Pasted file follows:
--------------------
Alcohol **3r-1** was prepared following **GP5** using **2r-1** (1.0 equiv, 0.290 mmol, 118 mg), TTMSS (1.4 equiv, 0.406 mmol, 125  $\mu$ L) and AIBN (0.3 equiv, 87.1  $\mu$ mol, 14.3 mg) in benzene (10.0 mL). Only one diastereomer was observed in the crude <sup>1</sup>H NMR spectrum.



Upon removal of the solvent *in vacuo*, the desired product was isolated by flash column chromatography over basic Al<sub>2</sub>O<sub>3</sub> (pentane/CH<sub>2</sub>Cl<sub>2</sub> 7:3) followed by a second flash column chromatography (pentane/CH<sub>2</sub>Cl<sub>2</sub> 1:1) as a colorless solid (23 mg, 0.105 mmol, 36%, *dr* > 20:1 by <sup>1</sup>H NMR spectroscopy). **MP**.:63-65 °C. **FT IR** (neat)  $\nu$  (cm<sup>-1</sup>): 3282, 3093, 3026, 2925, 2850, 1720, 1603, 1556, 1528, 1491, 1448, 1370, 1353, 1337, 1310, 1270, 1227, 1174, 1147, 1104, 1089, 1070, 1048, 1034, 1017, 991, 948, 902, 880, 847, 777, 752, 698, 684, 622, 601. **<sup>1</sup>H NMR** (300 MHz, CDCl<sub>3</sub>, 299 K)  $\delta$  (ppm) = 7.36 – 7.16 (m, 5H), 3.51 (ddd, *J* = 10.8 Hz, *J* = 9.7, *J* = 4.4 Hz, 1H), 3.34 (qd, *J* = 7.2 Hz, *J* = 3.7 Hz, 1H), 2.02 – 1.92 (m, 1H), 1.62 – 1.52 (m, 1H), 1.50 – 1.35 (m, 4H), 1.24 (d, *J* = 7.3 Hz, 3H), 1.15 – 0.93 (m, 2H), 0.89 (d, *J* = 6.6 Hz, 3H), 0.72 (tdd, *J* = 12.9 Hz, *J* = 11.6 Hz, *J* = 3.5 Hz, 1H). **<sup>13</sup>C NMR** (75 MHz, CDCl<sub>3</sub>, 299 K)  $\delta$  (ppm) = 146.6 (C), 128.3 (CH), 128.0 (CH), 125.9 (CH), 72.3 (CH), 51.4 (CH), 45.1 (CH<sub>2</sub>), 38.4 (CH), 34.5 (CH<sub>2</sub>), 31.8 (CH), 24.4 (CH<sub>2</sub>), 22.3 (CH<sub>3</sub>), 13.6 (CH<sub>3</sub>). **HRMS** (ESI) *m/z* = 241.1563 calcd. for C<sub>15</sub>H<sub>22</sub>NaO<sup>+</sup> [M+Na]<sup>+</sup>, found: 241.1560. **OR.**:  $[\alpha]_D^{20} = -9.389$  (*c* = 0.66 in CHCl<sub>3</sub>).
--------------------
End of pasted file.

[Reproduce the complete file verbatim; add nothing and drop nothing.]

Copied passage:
Alcohol **3r-1** was prepared following **GP5** using **2r-1** (1.0 equiv, 0.290 mmol, 118 mg), TTMSS (1.4 equiv, 0.406 mmol, 125  $\mu$ L) and AIBN (0.3 equiv, 87.1  $\mu$ mol, 14.3 mg) in benzene (10.0 mL). Only one diastereomer was observed in the crude <sup>1</sup>H NMR spectrum.



Upon removal of the solvent *in vacuo*, the desired product was isolated by flash column chromatography over basic Al<sub>2</sub>O<sub>3</sub> (pentane/CH<sub>2</sub>Cl<sub>2</sub> 7:3) followed by a second flash column chromatography (pentane/CH<sub>2</sub>Cl<sub>2</sub> 1:1) as a colorless solid (23 mg, 0.105 mmol, 36%, *dr* > 20:1 by <sup>1</sup>H NMR spectroscopy). **MP**.:63-65 °C. **FT IR** (neat)  $\nu$  (cm<sup>-1</sup>): 3282, 3093, 3026, 2925, 2850, 1720, 1603, 1556, 1528, 1491, 1448, 1370, 1353, 1337, 1310, 1270, 1227, 1174, 1147, 1104, 1089, 1070, 1048, 1034, 1017, 991, 948, 902, 880, 847, 777, 752, 698, 684, 622, 601. **<sup>1</sup>H NMR** (300 MHz, CDCl<sub>3</sub>, 299 K)  $\delta$  (ppm) = 7.36 – 7.16 (m, 5H), 3.51 (ddd, *J* = 10.8 Hz, *J* = 9.7, *J* = 4.4 Hz, 1H), 3.34 (qd, *J* = 7.2 Hz, *J* = 3.7 Hz, 1H), 2.02 – 1.92 (m, 1H), 1.62 – 1.52 (m, 1H), 1.50 – 1.35 (m, 4H), 1.24 (d, *J* = 7.3 Hz, 3H), 1.15 – 0.93 (m, 2H), 0.89 (d, *J* = 6.6 Hz, 3H), 0.72 (tdd, *J* = 12.9 Hz, *J* = 11.6 Hz, *J* = 3.5 Hz, 1H). **<sup>13</sup>C NMR** (75 MHz, CDCl<sub>3</sub>, 299 K)  $\delta$  (ppm) = 146.6 (C), 128.3 (CH), 128.0 (CH), 125.9 (CH), 72.3 (CH), 51.4 (CH), 45.1 (CH<sub>2</sub>), 38.4 (CH), 34.5 (CH<sub>2</sub>), 31.8 (CH), 24.4 (CH<sub>2</sub>), 22.3 (CH<sub>3</sub>), 13.6 (CH<sub>3</sub>). **HRMS** (ESI) *m/z* = 241.1563 calcd. for C<sub>15</sub>H<sub>22</sub>NaO<sup>+</sup> [M+Na]<sup>+</sup>, found: 241.1560. **OR.**:  $[\alpha]_D^{20} = -9.389$  (*c* = 0.66 in CHCl<sub>3</sub>).